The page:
Fundamental Recap: Focus on the Dollar, Stocks, and Oil
Some of the key macro themes last week were focused on the US dollar, global equities, and the ongoing saga surrounding crude oil. Specifically, the dollar remained well-supported, despite weaker-than-expected inflation readings during the week that should reasonably prompt the Federal Reserve to continue its cautious and increasingly dovish stance. Stock indices, most notably in the US and UK, hit year-to-date highs last week, largely due to rebounding crude oil prices and progressively more dovish central banks. Finally, as for crude oil itself, last week was essentially a preview for this past weekend’s highly anticipated showing of major oil-producing nations in Qatar, co-starring Saudi Arabia and Russia.
As for the dollar, key inflation data released by the US government last week included both the Consumer Price Index and the Producer Price Index for March. Both of these major inflation measures fell short of expectations, highlighting persistently weak inflation in the US. With the Federal Reserve already becoming increasingly cautious with regard to the pace of interest rate hikes going forward due to economic growth concerns, this inflation data can only reinforce the Fed’s currently dovish stance. Despite these apparent negatives for the dollar, the greenback managed to rebound considerably last week, especially in the middle of the week, prompting a sharp pullback for the previously rallying EUR/USD currency pair.
As the dollar rallied, so did major stock indices in the US and UK, which hit highs not seen since late 2015. In the case of the S&P 500, the US stock benchmark resumed the sharp rally that has been in place since the latest rebound began in mid-February. Much of this rally has been driven by recovering oil prices, but also by the prevailing global environment of central bank dovishness. From the Bank of Japan to the European Central Bank to the Bank of England to the US Federal Reserve, a decidedly dovish demeanor dominates the central banking landscape, which has generally helped to improve sentiment in the equity markets.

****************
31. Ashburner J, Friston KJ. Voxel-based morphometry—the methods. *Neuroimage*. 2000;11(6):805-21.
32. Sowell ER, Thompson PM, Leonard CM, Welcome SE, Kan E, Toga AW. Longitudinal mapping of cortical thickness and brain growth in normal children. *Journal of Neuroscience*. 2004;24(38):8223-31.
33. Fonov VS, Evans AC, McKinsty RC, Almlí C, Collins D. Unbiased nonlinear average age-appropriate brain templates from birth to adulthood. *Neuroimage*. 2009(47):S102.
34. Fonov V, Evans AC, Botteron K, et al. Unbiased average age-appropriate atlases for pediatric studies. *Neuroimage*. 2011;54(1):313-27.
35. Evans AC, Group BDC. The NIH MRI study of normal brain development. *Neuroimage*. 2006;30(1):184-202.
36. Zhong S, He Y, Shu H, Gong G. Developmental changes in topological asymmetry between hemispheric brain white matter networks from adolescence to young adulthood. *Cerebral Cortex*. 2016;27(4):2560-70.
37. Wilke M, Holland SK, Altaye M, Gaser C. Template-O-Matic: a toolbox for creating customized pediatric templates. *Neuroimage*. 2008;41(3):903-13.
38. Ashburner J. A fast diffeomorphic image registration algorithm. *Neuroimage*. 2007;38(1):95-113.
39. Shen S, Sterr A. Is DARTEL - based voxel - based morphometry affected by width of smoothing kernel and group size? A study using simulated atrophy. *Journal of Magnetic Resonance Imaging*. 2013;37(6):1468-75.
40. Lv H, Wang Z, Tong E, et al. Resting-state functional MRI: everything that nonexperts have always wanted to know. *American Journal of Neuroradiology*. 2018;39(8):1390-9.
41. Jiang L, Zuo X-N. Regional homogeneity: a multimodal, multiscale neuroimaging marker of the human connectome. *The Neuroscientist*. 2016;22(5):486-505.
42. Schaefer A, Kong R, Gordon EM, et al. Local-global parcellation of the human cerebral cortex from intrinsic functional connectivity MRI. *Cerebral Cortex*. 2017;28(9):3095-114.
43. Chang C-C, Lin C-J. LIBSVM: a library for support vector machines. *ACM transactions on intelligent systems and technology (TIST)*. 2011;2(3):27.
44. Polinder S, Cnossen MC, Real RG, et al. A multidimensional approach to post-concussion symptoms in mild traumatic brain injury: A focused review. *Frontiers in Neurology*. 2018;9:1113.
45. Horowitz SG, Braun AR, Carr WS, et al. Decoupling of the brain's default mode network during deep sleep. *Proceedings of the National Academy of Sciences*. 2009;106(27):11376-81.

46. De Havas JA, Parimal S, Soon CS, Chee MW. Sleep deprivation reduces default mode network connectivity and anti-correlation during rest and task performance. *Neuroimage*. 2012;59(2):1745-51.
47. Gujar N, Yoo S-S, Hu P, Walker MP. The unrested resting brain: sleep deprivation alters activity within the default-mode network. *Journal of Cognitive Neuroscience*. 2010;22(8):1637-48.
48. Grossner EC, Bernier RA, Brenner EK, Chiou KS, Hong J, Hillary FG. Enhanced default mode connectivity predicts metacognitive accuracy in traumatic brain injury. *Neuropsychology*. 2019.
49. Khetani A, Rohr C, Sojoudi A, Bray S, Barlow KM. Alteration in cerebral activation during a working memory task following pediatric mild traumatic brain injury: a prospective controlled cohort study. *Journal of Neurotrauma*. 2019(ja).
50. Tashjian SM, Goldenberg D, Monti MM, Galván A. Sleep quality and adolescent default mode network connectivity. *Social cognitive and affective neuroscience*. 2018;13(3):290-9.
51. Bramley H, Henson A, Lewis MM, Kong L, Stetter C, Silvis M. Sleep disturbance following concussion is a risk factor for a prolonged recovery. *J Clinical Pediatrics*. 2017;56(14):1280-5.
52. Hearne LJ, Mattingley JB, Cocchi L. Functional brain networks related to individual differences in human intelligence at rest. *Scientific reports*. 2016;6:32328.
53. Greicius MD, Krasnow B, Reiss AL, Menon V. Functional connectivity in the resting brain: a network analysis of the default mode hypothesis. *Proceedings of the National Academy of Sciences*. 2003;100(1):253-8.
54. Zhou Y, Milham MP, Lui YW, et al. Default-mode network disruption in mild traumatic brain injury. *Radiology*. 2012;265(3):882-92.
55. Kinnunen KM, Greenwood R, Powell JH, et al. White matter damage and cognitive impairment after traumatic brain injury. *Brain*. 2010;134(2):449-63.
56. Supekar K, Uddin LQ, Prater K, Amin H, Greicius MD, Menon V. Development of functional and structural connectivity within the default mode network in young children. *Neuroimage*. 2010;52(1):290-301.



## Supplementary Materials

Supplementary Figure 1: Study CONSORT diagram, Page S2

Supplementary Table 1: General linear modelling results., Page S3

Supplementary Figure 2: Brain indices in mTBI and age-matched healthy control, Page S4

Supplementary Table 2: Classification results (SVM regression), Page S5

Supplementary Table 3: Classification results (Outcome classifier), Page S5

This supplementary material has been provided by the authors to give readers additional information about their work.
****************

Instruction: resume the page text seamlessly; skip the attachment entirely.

As for crude oil, there is not much to say that has not already been said with regard to Sunday’s meeting of major oil producers in Doha, Qatar. Representatives from OPEC nations, most notably Saudi Arabia, met along with Russian counterparts to discuss a deal to cap crude oil production at recent near-record output levels. The goal of such a deal was to help ease the massive global oversupply problem that has plagued oil prices since late-2014. Much back-and-forth speculation occurred in the months running up to this meeting, with often-conflicting reports on the shifting stances of various participants. The prevailing expectations prior to the meeting were that Saudi Arabia and Russia would agree, perhaps loosely, to an output cap, even without Iran’s participation. It turned out that this was not to be the case, as meeting participants failed to reach any semblance of a deal, most likely due in large part to Iran’s non-participation. Even if a deal was struck, however, the question remained as to whether a coordinated production cap at the recent near-record output levels would do much to alleviate the oversupply situation, especially without Iran’s participation. Therefore, even if a deal had been reached and resulted in a short-term boost for oil, the longer-term picture would still have remained murky to significantly bearish. This is especially the case in light of recent reports out of the US that have detailed a much higher-than-expected build in crude oil inventories. Given the ongoing oversupply issue that continues to pressure prices and the failure of the output deal, the outlook for crude oil in the near-term remains bearish.